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We don’t hold the key to the next great supply chain innovation. Everybody does.

By Contributing Author | 08/13/2018 | 7:56 AM

By Kevin Heath, Senior Vice President and Chief Procurement Officer at Georgia-Pacific

 

Technology has had more impact on supply chain-related operations during the last 10 years than it has in nearly a century. The supply chain is evolving, spurred by data collected in our warehouses and factories through the Internet of Things, giving us deeper insights into the most detailed processes.

With technology, we can drive maximum efficiency in nearly all elements of manufacturing and fulfillment.  But to fully realize its potential – to find solutions to tomorrow’s problems today – we need to collaborate. 

The world’s supply chain requires radical reinvention, but we have a tendency to only look for solutions within our own teams. This approach worked when robotics and automated guided vehicles were still on the drawing board – a change to warehouse operations years down the road. That doesn’t work anymore.

Now, the supply chain is expected to organize, track and deliver goods faster than ever and with more accuracy, but often with fewer resources. The Fourth Industrial Revolution hums along, and if we don’t adapt to it, we’ll be left behind. We can’t do it alone. The tools to create our next great supply chain innovations are already here, they’re just dispersed throughout our industries.

Consider these three benefits of working together to address supply chain challenges:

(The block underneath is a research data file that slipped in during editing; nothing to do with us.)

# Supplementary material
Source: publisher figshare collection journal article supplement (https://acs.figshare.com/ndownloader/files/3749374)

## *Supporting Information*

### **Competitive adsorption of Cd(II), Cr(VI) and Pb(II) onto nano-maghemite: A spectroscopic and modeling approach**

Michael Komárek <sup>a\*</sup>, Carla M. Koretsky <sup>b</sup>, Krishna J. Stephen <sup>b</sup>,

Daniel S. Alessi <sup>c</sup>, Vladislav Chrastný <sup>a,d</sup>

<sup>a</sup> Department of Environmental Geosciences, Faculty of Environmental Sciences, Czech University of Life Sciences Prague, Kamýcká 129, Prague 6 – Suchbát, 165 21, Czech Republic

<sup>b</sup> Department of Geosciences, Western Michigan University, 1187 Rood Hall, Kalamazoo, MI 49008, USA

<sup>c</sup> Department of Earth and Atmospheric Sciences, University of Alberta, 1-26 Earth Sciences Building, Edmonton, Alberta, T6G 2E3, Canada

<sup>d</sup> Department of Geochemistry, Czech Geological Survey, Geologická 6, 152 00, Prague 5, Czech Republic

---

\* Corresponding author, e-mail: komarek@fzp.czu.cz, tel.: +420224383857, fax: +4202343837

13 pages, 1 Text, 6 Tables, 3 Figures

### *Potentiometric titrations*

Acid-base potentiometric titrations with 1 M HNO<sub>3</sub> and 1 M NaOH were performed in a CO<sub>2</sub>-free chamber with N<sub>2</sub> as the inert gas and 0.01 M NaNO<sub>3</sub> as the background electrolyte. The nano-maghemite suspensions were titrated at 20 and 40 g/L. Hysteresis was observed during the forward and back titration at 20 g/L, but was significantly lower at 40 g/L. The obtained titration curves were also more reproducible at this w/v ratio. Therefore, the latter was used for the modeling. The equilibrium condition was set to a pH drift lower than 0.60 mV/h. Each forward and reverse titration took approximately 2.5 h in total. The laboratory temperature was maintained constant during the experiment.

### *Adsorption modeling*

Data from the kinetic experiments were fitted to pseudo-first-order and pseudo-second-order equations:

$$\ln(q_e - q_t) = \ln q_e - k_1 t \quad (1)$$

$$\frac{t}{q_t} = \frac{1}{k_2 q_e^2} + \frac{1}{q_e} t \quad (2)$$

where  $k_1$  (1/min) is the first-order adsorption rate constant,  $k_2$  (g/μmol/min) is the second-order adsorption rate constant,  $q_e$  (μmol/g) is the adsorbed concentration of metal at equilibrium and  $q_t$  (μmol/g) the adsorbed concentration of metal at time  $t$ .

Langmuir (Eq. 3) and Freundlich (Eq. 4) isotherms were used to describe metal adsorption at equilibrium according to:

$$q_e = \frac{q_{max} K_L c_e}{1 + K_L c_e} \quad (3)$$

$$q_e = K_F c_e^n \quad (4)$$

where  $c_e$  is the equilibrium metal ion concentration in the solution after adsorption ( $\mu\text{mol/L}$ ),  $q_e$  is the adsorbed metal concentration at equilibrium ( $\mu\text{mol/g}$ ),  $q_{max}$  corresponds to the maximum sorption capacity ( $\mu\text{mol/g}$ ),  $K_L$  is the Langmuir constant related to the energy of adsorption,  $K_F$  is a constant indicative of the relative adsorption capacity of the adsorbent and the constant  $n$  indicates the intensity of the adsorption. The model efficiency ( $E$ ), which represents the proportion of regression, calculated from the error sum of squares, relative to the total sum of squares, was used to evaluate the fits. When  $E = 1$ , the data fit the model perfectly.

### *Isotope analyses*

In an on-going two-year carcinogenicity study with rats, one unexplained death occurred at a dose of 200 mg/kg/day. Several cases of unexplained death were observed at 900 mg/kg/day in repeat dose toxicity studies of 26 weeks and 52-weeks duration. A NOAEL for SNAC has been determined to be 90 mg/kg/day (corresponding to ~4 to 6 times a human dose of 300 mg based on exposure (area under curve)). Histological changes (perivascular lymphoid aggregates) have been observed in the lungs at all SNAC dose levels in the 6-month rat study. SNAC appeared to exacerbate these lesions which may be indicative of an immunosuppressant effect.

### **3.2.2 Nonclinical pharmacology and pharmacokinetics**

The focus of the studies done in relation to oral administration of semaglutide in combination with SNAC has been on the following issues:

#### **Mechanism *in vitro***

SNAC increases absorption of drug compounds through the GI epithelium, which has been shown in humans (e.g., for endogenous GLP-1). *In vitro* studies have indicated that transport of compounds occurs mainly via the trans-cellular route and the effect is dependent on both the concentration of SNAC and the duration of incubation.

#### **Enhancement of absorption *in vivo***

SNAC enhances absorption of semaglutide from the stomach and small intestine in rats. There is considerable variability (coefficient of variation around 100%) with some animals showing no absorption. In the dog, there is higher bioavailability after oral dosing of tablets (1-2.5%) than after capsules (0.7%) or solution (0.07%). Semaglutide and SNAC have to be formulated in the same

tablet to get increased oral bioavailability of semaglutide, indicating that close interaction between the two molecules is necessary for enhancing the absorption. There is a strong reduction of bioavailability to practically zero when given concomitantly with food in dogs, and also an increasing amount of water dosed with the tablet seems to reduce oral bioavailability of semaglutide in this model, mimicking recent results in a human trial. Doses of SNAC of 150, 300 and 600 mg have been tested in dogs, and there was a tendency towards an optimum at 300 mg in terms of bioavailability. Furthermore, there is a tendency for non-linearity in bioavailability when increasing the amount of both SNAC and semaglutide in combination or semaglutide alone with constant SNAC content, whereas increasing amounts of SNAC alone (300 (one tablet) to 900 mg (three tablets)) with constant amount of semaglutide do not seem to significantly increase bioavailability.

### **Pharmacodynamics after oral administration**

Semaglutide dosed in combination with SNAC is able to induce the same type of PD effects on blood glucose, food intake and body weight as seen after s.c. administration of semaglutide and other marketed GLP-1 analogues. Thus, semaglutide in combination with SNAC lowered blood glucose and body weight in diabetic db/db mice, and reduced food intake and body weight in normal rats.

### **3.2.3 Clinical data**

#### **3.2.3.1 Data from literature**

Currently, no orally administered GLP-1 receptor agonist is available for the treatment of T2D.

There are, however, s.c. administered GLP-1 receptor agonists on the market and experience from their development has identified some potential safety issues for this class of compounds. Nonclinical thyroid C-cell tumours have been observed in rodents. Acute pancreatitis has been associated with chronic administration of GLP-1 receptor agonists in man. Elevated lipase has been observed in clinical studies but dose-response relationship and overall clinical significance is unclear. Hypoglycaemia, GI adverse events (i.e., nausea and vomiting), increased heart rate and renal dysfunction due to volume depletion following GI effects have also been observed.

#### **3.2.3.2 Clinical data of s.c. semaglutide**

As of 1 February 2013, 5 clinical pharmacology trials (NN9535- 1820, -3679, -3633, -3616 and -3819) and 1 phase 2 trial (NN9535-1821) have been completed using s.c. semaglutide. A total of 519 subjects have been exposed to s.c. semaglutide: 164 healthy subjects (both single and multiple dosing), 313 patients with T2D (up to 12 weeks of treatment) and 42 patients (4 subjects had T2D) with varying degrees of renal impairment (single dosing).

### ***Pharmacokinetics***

1. Gaining a point of view outside your sector

The similarities between the behind-the-scenes operations of an airline and a restaurant might not be apparent at first. However, logistics play a key role in putting a plane on the runway and a chicken sandwich on your table.

Georgia-Pacific manages one of the nation’s largest supply chains, moving paper, pulp and building materials through an extensive network of manufacturing operations, warehouses and re-load facilities before they reach the store shelves.

An airline, a restaurant and a pulp and paper company have the same goal – deliver a better customer experience faster and cheaper – which lends itself to a collaborative effort. When companies across industries partner to address a supply chain challenge, they can get insights they wouldn’t typically get from internal work teams. One company might have mastered augmented reality in inventory picking, while another has successfully employed robotics for packing. When we share these ideas without fear of losing a competitive advantage, we drive a more efficient supply chain.

2. Condensing time-to-market

Using the ‘silo’ approach – assigning our own work teams to solve our individual supply chain challenges – could eventually result in ideas that positively impact our supply chain operations. However, market demands are forcing us to step up the pace. Warehouses and factories need answers now, not five years from now. We need innovations that can move past the conceptual phase and become publicly accessible quicker.